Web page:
In the box you get the gearbox itself with shifter already attached, plus an Efneo-specific bottom bracket. The design is decidedly old-school, Efneo opting for a standard 68mm-width BSA-threaded square-taper bottom bracket (73mm mountain bike-width version available soon). While this all looks 'standard', the Efneo BB has a wavy washer and associated washer-retaining cup on the drive side, so you cannot simply bung the cranks onto an existing square taper BB.
The cranks are 170mm long, finished in either the tested silver or, shortly, black. Branding and design is decidedly minimalist, meaning the GTRO should complement pretty much any bike frame, from a lovely steel singlespeed through to a haul-all Dutch cargo behemoth.
Recognising an obvious low-ratio market, the GTRO is also available with a 100mm 'fat bike' bottom bracket option, as well as gripshift gear changing instead of the paddle-style lever.
For use on a bike without a chainstay, such as a recumbent, trike or similar, Efneo does a version with a slightly different design.
Also in the box is a stand-off replacement guide to keep any rear mech cable free from the 'reaction plate' mechanism.
The installation process is something anyone with even moderate technical ability and minimal, low-cost tools should be able to perform, and any even half-decent bike shop could do it in their sleep. If you can change a bottom bracket, you can install a GTRO.
Efneo has made a decent five-minute video that walks you through the fitting process, with specific warnings for steps you need to get right. Depending on your bike's frame design you may need to adjust the positioning of the 'reaction plate' – there's a separate short video on how to do this.
The gear shifter comes fixed to the cable and gearbox – the length of the 113cm cable is adjustable, with the website hosting a video explaining the process. Efneo seems to have done a good job of guessing the standard length, even for large frame sizes. If you wanted to fit the GTRO to a child's bike or recumbent, you may end up with a fair bit of excess needing trimming.
Efneo says the pull ratio of the GTRO is the same as a Shimano Deore front shifter, so if you wanted to keep Shimano shifters left and right (possibly where they are integrated with brake levers) this should be possible. Best contact Efneo first to confirm your model of Deore shifter will work.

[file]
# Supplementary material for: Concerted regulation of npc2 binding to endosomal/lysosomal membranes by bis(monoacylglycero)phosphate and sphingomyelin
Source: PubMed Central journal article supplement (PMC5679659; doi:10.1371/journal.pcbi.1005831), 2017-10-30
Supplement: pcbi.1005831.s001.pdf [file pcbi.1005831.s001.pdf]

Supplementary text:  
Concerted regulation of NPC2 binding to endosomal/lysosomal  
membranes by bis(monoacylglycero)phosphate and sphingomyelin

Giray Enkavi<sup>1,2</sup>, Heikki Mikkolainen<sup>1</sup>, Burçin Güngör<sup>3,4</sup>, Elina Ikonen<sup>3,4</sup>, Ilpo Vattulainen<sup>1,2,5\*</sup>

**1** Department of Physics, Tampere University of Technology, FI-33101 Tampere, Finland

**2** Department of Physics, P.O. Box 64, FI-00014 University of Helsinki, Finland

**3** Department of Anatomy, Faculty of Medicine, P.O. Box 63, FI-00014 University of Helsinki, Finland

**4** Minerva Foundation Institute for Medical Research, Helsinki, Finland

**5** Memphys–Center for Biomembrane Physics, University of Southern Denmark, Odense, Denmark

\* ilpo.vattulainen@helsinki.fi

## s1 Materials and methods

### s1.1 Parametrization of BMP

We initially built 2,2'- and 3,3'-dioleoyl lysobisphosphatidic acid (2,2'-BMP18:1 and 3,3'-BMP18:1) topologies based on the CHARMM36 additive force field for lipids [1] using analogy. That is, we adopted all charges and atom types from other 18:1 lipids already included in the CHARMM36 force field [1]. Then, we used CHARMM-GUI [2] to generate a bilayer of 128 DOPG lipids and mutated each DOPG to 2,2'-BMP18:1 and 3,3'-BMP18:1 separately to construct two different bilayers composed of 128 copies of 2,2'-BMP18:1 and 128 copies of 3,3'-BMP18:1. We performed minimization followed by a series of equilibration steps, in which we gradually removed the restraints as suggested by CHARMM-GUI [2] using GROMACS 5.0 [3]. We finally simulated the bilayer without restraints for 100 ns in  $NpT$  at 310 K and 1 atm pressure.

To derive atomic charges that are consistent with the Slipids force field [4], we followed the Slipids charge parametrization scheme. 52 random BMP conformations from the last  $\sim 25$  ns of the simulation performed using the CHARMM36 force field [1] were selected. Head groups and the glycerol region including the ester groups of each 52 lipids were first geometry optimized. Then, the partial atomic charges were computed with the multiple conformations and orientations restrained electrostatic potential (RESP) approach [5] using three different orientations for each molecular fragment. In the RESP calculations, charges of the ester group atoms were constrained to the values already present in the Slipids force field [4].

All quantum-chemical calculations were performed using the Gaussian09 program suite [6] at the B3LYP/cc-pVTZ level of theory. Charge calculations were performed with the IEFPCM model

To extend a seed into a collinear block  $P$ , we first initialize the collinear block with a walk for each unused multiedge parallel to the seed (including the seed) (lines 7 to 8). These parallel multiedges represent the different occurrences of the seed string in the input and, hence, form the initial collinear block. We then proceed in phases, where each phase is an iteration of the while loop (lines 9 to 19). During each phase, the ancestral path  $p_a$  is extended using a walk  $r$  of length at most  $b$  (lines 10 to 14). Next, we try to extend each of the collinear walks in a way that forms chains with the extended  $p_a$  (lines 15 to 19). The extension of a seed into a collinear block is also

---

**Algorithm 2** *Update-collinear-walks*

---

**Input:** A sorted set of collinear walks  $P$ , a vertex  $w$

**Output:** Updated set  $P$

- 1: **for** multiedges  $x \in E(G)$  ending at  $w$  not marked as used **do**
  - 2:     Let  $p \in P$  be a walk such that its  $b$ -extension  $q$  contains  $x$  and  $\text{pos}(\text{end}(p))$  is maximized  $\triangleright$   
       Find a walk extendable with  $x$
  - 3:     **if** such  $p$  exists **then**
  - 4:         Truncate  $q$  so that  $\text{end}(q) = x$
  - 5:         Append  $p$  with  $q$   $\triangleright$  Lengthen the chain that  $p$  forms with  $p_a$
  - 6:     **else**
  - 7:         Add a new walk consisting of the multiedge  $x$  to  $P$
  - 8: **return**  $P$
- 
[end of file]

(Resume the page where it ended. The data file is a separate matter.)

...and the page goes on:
Efneo will offer bar-end and seatpost shifters soon, for drop bars and ultra-minimalist installations. It's working on a press-fit bottom bracket solution, but the complexity of integrating a spindle into the design against the return of threaded BB shells across the market makes me question the need.
I fitted the GTRO to two bikes during review – the first was a Cube Editor hybrid with an Alfine 11-speed rear hub and eccentric bottom bracket to set chain tension, the second was a 3-speed Workcycles FR8 Dutch bike. In both cases I fell foul of the one drawback to the GTRO design – there's a considerable amount of gearbox that sits inside the chainline, which can foul on an over-45.6mm diameter BB shell (as for the eccentric shell of the Cube Editor) or a large diameter down tube (as for the Workcycles FR8, where the massive down tube is just about the same diameter as the 68mm BB shell width).
I think I was spectacularly unlucky here, having two bikes of non-standard design. My solution was to space the bottom bracket drive side out by a few mm using some Shimano freehub spacers. These spacers are available from any bike shop for a few quid. They typically have internal keys to hold them still on the splined freehub, but a few minutes' work with a Dremel grinding tool ended in a stack of 1.85mm spacers that fitted over the BB body perfectly. Somewhere in the multiverse of bicycle 'standards' stretching back into the mists of time, ghostly figures smiled upon me. (Note: if you don't own a Dremel grinder or want to be more fettle-kosher, BB spacers ranging from 0.3 to 2mm are available from Wheels Manufacturing, or a decent bike shop.)